> complete yet. There are a number of XXX comments in the text, most of them
> indicate that the converter could not handle a situation -- that would have
> to be corrected once after conversion is done.
>
> Waiting for comments!
>
> Cheers,
> Georg

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Re: [Python-Dev] The docs, reloaded

Laura Creighton-2
In reply to this post by Michael Foord-5
Wow.  Nice job.  Thank you so very much.

Laura
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Re: [Python-Dev] The docs, reloaded

Martin Blais-2
In reply to this post by Georg Brandl-2
Hi Georg
Super impressive work! :-)

I haven't looked at it in depth yet, but I have a question.  One
concern from a long thread on Doc-Sig a long time ago, is that ReST
did not at the time possess the ability to nicely markup the objects
as LaTeX macros do.   Is your transformation losing markup information
from the original docs?  e.g. are you still marking classes as classes
and functions as functions in the ReST source, or is it converting
from qualified markup to "style" markup (e.g., to generic literals
instead of class/function/variable/keyword argument docutils roles,
etc.).    If you solved that problem, how did you solve it?  Is the
resulting ReST pretty?  Do you think we can build a better index?

My beef with using ReST for documentation, as much as I like ReST, is
that unless we have roles and structure for declaring functions,
classes, etc. it would remain inferior to the LaTeX macros, which in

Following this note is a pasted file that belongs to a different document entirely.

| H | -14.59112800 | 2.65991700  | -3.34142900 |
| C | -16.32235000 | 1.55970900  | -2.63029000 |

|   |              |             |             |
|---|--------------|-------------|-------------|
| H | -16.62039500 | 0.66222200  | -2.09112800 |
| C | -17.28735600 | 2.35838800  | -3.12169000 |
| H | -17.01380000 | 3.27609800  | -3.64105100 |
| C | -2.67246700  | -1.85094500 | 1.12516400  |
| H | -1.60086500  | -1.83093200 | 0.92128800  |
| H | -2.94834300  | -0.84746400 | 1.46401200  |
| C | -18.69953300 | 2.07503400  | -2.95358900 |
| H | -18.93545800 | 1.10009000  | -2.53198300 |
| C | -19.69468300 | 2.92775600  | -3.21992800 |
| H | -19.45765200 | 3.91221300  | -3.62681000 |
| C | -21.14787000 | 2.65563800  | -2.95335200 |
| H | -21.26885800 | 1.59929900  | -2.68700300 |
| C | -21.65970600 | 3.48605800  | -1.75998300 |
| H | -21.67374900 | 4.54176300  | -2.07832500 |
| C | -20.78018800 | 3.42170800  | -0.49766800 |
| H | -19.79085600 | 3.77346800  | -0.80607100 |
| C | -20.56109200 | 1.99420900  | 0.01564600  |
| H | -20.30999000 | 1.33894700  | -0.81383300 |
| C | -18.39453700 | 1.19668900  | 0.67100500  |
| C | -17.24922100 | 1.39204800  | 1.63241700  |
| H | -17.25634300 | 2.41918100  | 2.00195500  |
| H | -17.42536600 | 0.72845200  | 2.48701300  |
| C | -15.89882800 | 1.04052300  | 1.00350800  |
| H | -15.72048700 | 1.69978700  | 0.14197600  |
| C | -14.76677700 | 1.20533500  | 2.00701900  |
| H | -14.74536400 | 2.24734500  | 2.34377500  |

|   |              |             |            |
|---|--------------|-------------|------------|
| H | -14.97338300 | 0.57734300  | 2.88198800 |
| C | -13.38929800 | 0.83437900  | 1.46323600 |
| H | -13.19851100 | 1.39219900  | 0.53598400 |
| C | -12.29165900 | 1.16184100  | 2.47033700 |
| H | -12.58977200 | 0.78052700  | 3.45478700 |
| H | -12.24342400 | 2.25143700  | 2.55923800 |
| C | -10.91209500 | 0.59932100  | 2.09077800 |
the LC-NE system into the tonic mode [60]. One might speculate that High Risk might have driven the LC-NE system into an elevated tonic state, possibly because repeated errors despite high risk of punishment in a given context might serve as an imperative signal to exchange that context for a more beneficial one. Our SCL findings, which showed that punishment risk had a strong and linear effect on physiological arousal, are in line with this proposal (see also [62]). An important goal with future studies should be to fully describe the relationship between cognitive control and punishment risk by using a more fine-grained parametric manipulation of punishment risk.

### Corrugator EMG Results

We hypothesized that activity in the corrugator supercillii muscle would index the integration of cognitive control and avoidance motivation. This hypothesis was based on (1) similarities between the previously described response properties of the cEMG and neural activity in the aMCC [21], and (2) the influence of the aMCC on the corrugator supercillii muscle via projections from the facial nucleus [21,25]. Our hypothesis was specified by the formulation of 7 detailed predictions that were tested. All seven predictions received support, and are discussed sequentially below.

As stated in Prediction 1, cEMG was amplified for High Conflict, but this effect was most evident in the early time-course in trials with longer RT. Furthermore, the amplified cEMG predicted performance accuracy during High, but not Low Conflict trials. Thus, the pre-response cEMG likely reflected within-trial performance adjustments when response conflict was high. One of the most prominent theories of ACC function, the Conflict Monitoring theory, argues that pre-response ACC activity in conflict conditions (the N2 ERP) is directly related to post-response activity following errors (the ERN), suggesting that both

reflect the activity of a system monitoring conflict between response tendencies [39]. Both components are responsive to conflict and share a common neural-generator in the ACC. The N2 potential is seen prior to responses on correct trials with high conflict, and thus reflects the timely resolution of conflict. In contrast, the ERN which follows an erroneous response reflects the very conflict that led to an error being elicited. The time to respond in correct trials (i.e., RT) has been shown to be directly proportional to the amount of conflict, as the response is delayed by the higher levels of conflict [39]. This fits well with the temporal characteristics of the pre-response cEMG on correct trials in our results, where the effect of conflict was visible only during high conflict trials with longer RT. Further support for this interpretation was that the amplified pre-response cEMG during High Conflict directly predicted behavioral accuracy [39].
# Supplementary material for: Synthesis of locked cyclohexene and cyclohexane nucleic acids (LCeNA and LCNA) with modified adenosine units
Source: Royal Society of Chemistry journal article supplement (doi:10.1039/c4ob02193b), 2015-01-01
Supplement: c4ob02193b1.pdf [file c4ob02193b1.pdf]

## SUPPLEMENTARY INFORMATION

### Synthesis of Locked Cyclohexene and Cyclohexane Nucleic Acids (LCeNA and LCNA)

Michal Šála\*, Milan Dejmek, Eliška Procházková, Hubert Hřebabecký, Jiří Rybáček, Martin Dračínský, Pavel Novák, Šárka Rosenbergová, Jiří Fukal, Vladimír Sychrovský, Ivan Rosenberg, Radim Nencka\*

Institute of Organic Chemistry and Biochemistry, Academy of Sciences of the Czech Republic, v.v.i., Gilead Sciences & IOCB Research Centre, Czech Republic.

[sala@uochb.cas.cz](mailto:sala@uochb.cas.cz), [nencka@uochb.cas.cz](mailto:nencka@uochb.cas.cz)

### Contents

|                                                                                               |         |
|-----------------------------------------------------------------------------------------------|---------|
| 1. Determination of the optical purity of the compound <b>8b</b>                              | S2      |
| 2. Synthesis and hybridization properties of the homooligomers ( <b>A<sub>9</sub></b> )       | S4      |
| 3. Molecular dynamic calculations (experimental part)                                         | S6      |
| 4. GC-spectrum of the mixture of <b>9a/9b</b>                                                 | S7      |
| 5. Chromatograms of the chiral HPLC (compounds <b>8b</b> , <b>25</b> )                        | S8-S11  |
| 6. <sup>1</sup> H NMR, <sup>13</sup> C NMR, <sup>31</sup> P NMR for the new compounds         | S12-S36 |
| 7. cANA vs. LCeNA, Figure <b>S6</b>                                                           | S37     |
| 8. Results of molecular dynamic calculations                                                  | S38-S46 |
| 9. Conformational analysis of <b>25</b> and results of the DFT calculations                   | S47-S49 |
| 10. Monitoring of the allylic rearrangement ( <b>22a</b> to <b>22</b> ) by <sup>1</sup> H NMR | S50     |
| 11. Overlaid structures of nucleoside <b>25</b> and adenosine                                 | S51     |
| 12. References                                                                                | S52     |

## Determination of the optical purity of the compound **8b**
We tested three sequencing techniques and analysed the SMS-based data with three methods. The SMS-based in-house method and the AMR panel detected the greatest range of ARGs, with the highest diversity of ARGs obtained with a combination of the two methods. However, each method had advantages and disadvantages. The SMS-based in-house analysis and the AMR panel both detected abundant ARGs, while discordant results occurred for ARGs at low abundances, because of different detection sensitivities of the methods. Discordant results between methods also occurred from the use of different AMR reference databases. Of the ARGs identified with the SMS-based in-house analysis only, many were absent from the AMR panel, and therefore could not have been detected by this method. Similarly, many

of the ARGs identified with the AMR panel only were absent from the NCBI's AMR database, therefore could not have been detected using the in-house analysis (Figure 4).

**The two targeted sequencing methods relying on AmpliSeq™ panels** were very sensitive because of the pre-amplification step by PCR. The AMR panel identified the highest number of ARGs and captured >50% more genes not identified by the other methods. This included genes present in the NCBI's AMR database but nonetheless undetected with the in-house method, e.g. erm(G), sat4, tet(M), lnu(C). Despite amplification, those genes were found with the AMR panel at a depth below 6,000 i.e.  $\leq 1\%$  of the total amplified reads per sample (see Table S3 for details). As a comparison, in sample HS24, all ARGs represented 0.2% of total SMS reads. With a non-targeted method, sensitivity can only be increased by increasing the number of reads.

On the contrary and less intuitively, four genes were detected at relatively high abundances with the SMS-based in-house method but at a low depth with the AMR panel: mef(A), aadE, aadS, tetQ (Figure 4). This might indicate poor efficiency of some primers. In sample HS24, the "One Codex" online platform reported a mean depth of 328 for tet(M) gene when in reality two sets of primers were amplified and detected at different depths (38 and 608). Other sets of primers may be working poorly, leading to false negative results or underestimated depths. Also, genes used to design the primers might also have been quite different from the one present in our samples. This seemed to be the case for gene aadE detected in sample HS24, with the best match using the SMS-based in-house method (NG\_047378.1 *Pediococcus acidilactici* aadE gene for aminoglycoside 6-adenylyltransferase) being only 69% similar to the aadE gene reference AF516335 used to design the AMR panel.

spite of being LaTeX, qualify the kinds of objects to some extent.

Wow, it looks amazingly good.  Amazing work.  Very impressed.

(Somewhat related, but another idea from back then, which was never
implemented IMO, was to find a way to automatically pull and convert
the docstrings from the source code into the documentation, thus
unifying all the information in one place.)



On 5/19/07, Georg Brandl <[hidden email]> wrote:

> Hi,
>
> over the last few weeks I've hacked on a new approach to Python's documentation.
> As Python already has an excellent documentation framework, the docutils, with a
> readable yet extendable markup format, reST, I thought that it should be
> possible to use those instead of the current LaTeX->latex2html toolchain.
>
> For the impatient: the result can be seen at <http://pydoc.gbrandl.de>.
>
> I've written a converter tool that handles most of the LaTeX markup and turns it
> into reST, as well as a builder tool that adds many custom directives and roles,